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I have just had a lecture on VPNs and RADIUS and have a question with regards to authentication. I am aware of protocols such as EAP and PEAP and was wondering how these protocols work alongside RADIUS, if at all.

Ultimately as the question title suggests, if a user would like to connect to a network device on an internal network using SSL VPN how would they authenticate?

My initial thoughts were that the VPN server defines an authentication protocol such as EAP, the user then provides the correct credentials in accordance with the protocol and the VPN server acting as a RADIUS client forwards the data to the RADIUS server using the RADIUS protocol. The RADIUS server looks up the given credentials and if correct issues an acceptance message. The user is then authenticated and the VPN server can allow access to the network resources.

I would be grateful if someone could give me some guidance. I appteciate that my initial thoughts may be completely incorrect.

Thanks.

  • Did any answer help you? If so, you should accept the answer so that the question doesn't keep popping up forever, looking for an answer. Alternatively, you could provide and accept your own answer. – Ron Maupin Aug 15 '17 at 17:02
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Microsoft says it well:

Architecturally, an EAP infrastructure consists of the following:

  • EAP peer Computer that is attempting to access a network, also known as an access client. EAP authenticator An access point or network access server (NAS) that is requiring EAP authentication prior to granting access to a network.
  • Authentication server A server computer that negotiates the use of a specific EAP method with an EAP peer, validates the EAP peer's credentials, and authorizes access to the network.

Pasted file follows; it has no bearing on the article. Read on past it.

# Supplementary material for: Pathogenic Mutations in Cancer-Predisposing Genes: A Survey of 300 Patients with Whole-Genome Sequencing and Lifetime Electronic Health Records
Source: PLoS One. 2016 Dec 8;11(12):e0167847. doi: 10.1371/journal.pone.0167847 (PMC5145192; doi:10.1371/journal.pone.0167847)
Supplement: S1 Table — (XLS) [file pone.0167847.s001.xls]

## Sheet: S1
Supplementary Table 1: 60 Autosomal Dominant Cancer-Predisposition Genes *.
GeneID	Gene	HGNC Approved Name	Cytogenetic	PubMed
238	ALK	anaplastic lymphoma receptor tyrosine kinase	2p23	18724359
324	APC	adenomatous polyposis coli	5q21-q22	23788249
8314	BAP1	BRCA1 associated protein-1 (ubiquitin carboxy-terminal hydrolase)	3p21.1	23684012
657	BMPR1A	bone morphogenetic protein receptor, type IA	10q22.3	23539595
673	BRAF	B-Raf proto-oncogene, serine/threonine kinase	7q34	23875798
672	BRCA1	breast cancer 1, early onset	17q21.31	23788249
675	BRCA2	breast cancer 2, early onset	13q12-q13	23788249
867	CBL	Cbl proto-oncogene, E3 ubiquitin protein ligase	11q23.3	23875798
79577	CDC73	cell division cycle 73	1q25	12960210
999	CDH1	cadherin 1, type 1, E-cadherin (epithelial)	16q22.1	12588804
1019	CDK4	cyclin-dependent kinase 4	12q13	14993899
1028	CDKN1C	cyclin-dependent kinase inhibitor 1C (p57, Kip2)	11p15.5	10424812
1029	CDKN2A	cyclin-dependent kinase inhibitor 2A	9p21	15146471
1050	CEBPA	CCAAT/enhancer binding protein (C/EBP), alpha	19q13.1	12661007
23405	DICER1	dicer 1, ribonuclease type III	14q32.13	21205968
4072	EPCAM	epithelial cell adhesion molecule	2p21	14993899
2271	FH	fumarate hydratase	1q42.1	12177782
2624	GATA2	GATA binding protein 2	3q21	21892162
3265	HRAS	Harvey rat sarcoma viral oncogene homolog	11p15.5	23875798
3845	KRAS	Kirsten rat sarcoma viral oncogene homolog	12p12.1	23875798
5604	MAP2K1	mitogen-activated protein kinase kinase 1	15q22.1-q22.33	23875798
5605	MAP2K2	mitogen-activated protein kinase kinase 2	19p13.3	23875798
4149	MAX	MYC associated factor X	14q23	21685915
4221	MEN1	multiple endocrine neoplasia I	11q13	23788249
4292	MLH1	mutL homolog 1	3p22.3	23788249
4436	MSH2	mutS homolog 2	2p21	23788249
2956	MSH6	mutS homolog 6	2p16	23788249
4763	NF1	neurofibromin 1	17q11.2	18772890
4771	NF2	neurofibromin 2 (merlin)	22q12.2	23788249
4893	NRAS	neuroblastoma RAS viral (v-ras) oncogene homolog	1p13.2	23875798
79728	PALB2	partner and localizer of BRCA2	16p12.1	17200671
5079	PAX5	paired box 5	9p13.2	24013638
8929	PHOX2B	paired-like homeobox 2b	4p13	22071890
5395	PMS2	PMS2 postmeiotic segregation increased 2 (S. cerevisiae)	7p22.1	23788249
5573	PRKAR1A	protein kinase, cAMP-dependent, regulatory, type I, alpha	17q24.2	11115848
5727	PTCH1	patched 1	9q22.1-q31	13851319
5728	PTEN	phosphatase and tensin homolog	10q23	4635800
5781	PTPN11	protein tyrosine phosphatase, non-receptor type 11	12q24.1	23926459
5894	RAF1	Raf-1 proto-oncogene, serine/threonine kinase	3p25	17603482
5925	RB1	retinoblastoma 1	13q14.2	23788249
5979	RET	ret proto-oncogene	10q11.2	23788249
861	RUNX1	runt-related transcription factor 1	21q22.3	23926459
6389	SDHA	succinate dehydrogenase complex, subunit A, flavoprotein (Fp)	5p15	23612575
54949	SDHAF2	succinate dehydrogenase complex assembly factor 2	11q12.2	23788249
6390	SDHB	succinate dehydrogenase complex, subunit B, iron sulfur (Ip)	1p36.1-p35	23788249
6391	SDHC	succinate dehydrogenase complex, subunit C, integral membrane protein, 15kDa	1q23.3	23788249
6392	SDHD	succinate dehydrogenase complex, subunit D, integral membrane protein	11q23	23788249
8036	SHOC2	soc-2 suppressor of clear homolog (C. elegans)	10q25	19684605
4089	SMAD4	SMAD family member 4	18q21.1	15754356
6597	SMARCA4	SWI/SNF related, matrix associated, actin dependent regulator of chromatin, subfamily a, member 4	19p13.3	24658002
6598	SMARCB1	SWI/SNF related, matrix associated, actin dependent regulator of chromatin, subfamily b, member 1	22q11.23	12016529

• Typically, the authentication server is a Remote Authentication Dial-In User Service (RADIUS) server.

EAP is extensible through EAP methods that plug-in at both the EAP peer and authenticating server ends of a connection. To add support for a new EAP method, you install an EAP method library file on both the EAP peer and the authenticating server. This capability to extend EAP provides vendors with the opportunity to create new authentication schemes. EAP provides the highest flexibility to allow for more secure authentication methods.

The EAP peer and the EAP authenticator send EAP messages using a supplicant-a software component that uses EAP to authenticate network access-and a data link layer transport protocol such as PPP or IEEE 802.1X. The EAP authenticator and the authentication server send EAP messages using RADIUS. The end result is that EAP messages are exchanged between the EAP components on the EAP peer and the authentication server. The following figure shows EAP infrastructure and information flow.

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  • EAP isn't used in SSL/TLS authentication – Ron Trunk Jan 3 '17 at 23:50
  • #1 SSL does not Equal TLS, in fact TLS 1.2 replaces SSL. "The Protected Extensible Authentication Protocol, also known as Protected EAP or simply PEAP, is a protocol that encapsulates EAP within a potentially encrypted and authenticated Transport Layer Security (TLS) tunnel." - wikipedia – Ron Royston Jan 4 '17 at 1:15
  • You are correct, but you still have to authenticate the TLS tunnel first. More importantly, though, I think you could have provided a better answer for the OPs question. – Ron Trunk Jan 4 '17 at 3:03

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